For HR professionals, individual liability is probably most likely in cases of negligent referral or negligent hiring. Both actions arise under state laws, Walters notes. HR professionals also may be held individually liable in defamation and false imprisonment or false arrest cases.
Walters describes an example of such a claim: Mary, an HR manager with company A, calls you, an HR manager with company B, for references about Betty Sue, who used to work for company B and has applied for a job with company A. Neither company has a reference policy. Betty Sue was fired for punching someone in the face, but you say that Betty Sue "was OK" and don't mention what happened because you don't want to make it harder for Betty Sue to get a job.
Betty Sue is hired by company A and, again, punches another employee. The punched employee sues you for negligent referral.
You may also be liable, Walters says, "when you say something rather than nothing but the something doesn't totally disclose what you have knowledge of."
Claims often allege that the employer failed to do a background check on an applicant who, once hired, committed an act of violence against another employee or a customer. If you are an HR professional responsible for hiring, "Make sure you are acting within the scope of your responsibilities," Walters says. "If you don't follow company procedures, that is when you can be held liable." In other words, if you have taken all the steps management requires when checking the background of an applicant, you should not be subject to liability. But if, for example, you omit a required background check because you are in a rush to fill a job, that omission may cost you in the future.
To raise a defamation claim, the employee must prove that the employer or individual defendant made a written or oral statement to one or more people concerning the plaintiff-employee, that the statement is false, and that it injured the reputation of the employee. Examples include e-mail circulation or comments made concerning a negative evaluation, Kay notes. Truth is a defense in a defamation claim, but individuals sharing information inappropriately or generating false or misleading information may face legal challenges, she adds.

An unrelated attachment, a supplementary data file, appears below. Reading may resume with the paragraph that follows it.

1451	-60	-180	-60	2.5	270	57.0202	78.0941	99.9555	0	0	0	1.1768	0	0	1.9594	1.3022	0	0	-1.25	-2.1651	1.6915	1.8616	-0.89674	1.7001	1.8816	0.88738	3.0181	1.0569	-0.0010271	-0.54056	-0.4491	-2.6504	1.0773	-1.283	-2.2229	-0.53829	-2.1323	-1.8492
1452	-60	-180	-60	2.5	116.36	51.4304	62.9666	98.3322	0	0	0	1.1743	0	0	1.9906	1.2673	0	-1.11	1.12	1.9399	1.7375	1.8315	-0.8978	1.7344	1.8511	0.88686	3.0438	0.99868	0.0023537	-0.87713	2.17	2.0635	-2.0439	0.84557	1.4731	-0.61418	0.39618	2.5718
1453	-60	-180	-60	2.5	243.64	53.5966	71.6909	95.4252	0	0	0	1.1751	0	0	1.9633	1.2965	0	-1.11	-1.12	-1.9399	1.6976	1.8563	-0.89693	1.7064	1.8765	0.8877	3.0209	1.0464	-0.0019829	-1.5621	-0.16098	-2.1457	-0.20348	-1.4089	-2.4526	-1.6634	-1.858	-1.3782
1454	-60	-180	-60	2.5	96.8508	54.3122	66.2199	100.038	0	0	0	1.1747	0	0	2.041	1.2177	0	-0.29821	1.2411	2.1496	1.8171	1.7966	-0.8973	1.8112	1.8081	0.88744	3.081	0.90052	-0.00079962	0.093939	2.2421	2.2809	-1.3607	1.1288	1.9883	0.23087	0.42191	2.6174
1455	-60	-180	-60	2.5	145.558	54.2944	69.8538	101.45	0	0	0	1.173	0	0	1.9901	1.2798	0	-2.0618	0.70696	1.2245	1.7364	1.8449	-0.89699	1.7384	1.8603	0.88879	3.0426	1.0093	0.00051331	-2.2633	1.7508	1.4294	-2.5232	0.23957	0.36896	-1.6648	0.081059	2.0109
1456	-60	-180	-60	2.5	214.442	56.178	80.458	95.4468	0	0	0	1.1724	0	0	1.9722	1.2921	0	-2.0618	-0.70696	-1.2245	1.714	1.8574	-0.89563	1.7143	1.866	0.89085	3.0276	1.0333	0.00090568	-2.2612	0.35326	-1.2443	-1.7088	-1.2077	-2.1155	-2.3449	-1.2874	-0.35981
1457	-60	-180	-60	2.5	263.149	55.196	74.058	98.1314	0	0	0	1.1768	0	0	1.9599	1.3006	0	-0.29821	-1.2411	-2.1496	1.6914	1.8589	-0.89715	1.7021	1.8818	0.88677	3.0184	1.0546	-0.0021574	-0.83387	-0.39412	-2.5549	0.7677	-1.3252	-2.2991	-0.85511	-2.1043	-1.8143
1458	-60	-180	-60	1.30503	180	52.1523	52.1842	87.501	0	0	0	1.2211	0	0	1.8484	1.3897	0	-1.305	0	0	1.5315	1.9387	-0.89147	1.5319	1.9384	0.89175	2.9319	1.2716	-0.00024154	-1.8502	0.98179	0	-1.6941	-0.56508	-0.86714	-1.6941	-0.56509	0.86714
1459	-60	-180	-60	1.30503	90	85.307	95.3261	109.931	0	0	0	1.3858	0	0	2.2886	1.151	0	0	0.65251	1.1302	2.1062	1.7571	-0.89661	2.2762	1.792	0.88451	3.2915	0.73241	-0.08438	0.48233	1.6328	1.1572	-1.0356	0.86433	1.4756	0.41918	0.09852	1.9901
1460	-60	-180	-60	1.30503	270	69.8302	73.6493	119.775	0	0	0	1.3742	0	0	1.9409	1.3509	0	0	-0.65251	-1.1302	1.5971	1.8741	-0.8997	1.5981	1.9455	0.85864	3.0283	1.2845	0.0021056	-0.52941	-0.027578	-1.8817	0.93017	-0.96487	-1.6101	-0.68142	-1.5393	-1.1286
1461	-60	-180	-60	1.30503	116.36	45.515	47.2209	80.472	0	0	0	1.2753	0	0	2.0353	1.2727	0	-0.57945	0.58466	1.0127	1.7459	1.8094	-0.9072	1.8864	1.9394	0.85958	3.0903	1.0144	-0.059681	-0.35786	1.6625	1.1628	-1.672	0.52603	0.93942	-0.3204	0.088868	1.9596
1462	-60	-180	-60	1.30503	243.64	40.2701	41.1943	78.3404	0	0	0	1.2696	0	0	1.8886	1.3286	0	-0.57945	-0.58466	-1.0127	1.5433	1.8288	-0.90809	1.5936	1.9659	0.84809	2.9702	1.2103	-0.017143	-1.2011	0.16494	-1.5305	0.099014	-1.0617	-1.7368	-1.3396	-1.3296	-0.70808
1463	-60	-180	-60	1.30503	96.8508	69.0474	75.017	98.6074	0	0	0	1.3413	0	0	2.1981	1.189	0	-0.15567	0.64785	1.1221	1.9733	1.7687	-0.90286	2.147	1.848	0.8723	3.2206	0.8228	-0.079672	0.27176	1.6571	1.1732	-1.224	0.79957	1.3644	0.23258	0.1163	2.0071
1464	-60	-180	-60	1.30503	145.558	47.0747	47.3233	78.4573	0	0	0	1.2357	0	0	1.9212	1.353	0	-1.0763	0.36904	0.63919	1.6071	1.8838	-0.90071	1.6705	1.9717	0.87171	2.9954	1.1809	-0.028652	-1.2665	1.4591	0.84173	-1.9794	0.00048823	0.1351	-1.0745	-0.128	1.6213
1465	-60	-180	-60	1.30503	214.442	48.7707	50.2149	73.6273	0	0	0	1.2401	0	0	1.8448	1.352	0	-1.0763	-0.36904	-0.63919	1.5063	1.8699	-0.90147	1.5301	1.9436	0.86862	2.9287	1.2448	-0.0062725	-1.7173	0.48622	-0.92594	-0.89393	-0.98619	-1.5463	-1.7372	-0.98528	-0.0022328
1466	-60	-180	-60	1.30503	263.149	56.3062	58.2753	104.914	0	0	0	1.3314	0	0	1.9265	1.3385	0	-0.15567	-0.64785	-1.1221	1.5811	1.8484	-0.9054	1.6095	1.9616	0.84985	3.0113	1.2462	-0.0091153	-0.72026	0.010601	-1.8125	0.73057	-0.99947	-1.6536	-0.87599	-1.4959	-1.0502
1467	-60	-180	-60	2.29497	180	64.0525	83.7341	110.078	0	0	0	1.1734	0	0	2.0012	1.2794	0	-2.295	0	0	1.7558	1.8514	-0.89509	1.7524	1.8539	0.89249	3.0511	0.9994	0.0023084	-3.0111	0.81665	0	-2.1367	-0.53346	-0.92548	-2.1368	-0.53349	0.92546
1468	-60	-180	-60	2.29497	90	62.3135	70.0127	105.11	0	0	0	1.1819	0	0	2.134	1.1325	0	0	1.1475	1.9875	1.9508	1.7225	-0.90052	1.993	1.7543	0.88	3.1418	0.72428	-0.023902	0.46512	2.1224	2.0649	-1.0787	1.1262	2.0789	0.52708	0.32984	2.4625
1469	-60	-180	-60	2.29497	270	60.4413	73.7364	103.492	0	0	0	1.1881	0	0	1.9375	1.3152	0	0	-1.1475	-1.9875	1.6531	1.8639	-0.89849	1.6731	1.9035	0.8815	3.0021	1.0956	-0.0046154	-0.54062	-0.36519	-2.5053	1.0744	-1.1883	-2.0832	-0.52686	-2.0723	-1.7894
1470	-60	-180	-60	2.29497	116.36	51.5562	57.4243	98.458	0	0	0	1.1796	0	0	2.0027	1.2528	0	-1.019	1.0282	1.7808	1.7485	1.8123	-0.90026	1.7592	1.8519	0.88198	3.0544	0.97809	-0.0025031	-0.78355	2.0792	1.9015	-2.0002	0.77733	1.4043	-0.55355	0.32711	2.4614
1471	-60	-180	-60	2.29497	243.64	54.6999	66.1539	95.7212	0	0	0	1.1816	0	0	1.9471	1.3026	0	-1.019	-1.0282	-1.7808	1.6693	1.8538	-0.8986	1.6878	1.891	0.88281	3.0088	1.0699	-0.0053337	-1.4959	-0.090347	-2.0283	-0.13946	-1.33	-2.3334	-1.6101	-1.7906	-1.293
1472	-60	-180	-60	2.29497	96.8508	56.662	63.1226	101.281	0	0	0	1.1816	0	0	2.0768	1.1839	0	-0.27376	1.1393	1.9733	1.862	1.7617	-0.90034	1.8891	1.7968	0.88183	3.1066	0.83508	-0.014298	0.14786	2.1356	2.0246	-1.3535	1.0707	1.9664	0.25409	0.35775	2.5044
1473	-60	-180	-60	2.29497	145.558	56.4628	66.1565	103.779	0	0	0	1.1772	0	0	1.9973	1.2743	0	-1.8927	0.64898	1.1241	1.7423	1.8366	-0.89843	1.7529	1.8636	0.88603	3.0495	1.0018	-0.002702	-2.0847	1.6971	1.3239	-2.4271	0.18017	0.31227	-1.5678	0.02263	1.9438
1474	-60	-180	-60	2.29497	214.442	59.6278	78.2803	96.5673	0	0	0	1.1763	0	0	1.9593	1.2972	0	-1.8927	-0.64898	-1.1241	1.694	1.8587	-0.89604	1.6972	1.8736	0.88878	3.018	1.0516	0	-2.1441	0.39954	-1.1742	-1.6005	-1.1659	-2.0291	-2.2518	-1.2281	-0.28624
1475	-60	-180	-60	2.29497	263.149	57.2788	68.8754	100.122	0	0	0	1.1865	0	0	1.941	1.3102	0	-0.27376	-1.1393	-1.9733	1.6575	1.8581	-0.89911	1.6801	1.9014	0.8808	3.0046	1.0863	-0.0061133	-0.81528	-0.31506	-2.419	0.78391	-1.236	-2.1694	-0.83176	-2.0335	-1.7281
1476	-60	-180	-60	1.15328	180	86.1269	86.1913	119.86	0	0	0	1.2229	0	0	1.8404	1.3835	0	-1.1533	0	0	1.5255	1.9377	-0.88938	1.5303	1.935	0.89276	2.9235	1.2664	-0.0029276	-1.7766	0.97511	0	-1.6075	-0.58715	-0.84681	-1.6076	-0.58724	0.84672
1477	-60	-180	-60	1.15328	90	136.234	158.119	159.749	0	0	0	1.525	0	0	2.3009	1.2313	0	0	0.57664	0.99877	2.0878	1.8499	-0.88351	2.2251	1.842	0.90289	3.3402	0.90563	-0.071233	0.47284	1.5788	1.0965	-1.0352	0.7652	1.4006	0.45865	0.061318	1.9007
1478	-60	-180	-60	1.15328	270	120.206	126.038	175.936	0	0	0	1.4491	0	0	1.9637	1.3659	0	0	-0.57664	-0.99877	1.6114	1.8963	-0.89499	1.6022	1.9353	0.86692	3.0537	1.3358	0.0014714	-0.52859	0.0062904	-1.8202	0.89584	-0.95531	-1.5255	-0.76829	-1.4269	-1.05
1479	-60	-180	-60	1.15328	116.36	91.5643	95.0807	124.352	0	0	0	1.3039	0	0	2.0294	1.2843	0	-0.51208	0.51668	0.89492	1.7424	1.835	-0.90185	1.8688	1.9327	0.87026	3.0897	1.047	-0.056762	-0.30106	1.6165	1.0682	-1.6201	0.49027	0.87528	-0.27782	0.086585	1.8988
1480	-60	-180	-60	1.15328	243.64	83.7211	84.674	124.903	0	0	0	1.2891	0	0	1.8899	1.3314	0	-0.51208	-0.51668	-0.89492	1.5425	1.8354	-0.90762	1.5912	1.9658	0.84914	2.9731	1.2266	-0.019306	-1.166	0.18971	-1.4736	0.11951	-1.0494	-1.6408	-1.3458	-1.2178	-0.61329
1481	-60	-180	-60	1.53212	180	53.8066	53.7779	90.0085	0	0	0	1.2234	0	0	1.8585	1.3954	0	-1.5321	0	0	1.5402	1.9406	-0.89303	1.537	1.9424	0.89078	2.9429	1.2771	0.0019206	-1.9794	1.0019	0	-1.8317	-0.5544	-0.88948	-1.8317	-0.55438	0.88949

There has been an "explosion of defamation cases arising out of the workplace over the last 10 to 15 years," Isler says.
These cases are dangerous because plaintiffs' attorneys think they can probably get to the jury rather than being dismissed at an early stage in the proceedings, he explains. Whether something is true or false—the question at the heart of a defamation claim—is for a jury to decide. So, plaintiffs' attorneys in these cases know they will "get their day in court."
How do HR professionals get involved in these messes? "They have loose lips and broadcast to other people in other organizations the grounds for someone's resignation—or they misstate the reasons" why the employee no longer works at the company, Isler says.
An example would be telling someone that a former employee was fired for using drugs, when the HR professional actually was confusing that employee with someone with a similar name.
Although qualified privilege attaches to most HR communications, "You can lose the privilege by talking to someone who doesn't need to know," Isler says. "Don't talk about people after they leave" the company.
State claims may be brought for several causes of action not specifically related to employment, such as assault and battery.
False imprisonment and false arrest. False imprisonment is broadly defined as the restraint of one's liberty without sufficient cause. In essence, it is the illegal detention of a person without lawful process.
Imagine this scenario: An HR manager meets with an employee for investigation of alleged workplace misconduct. The employee gets agitated, stands up and starts to leave the office. The manager says, "Sit back down. You are not leaving the office before I say it's OK." The employee claims false imprisonment.
During investigations, do not "tell people not to leave the office," Walters says.
A related claim would be false arrest, Isler notes. For example, an HR professional, based on scant information, calls the police, thinking that someone is stealing from the company. That person is arrested and later sues the company for false arrest, naming the HR professional as an individual defendant.
What You Can Do to Avoid Lawsuits
There are steps HR professionals can take to avoid personal liability:
Know the law. Ignorance is no defense, says attorney Denise Kay, SPHR, a senior consultant with Employment Practices Solutions. Keep up with federal and state laws to minimize legal exposure.